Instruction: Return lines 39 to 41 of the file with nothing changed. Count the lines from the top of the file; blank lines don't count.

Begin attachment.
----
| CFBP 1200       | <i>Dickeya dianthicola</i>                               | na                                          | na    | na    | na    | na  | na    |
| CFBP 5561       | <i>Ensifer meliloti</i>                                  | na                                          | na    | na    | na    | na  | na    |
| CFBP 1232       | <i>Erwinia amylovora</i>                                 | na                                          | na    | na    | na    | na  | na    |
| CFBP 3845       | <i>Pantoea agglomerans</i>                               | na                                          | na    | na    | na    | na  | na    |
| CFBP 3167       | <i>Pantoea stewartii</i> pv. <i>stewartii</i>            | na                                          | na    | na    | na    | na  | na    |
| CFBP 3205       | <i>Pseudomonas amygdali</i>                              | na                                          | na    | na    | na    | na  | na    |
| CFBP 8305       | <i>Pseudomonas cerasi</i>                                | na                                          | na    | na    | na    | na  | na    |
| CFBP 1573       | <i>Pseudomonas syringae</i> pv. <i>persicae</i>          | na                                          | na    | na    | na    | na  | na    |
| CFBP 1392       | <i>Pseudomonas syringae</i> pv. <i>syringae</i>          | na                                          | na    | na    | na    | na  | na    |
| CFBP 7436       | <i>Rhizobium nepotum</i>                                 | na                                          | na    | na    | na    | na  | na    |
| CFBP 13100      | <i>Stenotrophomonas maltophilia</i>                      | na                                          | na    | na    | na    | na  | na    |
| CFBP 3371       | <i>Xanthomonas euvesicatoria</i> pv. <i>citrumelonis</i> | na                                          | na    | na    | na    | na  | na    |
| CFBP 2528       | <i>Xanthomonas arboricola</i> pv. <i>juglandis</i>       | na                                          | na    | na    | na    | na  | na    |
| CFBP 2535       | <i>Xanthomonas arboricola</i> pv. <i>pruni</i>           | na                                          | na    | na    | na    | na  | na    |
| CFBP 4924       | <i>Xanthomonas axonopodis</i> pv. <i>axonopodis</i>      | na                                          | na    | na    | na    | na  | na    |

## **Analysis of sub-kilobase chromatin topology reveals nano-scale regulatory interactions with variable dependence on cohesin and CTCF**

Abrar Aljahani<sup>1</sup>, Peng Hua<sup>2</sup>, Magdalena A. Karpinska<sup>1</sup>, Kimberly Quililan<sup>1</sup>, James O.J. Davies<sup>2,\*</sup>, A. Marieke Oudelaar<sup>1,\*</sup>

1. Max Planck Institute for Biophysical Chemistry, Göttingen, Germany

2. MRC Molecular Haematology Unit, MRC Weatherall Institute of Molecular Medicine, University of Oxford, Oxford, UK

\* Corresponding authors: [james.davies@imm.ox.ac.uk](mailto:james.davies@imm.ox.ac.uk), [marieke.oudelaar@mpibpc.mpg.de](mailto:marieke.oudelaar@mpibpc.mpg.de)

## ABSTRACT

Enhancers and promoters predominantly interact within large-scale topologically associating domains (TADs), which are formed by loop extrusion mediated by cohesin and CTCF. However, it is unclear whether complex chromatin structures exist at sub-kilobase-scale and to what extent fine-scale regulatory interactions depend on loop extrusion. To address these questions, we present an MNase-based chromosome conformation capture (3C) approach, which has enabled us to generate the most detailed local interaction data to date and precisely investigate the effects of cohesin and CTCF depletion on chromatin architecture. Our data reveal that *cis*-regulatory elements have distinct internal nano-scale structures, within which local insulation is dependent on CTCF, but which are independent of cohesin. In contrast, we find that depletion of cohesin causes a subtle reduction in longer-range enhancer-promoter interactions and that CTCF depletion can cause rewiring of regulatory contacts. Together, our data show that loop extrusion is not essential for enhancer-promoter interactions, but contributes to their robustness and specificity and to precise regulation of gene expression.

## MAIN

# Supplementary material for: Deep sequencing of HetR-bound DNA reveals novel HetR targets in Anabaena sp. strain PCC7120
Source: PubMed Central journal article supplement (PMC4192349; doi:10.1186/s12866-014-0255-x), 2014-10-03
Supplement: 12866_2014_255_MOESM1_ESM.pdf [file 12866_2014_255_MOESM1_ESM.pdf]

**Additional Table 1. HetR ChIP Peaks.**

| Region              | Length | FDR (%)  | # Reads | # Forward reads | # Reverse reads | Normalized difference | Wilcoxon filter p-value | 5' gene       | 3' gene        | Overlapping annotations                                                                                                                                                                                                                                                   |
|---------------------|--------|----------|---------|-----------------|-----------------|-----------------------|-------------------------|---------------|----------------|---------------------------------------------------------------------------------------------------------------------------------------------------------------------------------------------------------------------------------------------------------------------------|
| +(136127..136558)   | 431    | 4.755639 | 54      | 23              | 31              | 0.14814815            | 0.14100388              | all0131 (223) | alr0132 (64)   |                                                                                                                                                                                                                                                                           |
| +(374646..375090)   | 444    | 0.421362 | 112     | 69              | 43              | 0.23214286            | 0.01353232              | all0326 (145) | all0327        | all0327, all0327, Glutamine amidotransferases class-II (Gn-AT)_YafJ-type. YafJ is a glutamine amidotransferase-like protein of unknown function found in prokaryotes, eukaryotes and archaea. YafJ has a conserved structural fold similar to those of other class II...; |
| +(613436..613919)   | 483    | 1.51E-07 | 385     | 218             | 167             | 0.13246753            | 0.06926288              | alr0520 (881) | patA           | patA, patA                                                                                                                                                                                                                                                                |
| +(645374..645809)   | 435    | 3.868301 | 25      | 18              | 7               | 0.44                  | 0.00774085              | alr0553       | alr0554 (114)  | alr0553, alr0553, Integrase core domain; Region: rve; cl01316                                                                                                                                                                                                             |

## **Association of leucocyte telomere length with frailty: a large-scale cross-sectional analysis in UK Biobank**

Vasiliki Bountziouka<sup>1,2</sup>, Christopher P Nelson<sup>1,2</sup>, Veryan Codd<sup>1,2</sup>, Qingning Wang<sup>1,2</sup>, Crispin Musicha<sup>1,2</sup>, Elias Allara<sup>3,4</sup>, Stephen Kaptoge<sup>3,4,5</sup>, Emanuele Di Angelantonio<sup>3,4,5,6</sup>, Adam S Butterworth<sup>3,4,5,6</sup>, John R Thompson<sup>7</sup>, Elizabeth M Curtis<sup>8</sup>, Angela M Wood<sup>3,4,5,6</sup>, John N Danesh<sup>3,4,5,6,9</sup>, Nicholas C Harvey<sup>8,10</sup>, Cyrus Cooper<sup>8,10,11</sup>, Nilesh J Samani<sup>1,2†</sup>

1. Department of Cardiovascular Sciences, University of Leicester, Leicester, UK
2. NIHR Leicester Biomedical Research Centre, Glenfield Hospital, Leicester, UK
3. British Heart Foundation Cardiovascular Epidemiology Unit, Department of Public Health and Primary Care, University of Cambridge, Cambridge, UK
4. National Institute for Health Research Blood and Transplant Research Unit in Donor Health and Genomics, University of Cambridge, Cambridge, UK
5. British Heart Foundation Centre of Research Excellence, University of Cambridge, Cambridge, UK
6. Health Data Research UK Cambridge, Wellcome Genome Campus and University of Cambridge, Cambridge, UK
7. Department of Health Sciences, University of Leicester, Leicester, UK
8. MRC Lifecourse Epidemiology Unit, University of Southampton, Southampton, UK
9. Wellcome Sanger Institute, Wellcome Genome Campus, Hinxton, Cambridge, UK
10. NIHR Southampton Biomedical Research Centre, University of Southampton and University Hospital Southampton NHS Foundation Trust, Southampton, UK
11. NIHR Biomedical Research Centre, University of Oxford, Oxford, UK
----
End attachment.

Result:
4. National Institute for Health Research Blood and Transplant Research Unit in Donor Health and Genomics, University of Cambridge, Cambridge, UK
5. British Heart Foundation Centre of Research Excellence, University of Cambridge, Cambridge, UK
6. Health Data Research UK Cambridge, Wellcome Genome Campus and University of Cambridge, Cambridge, UK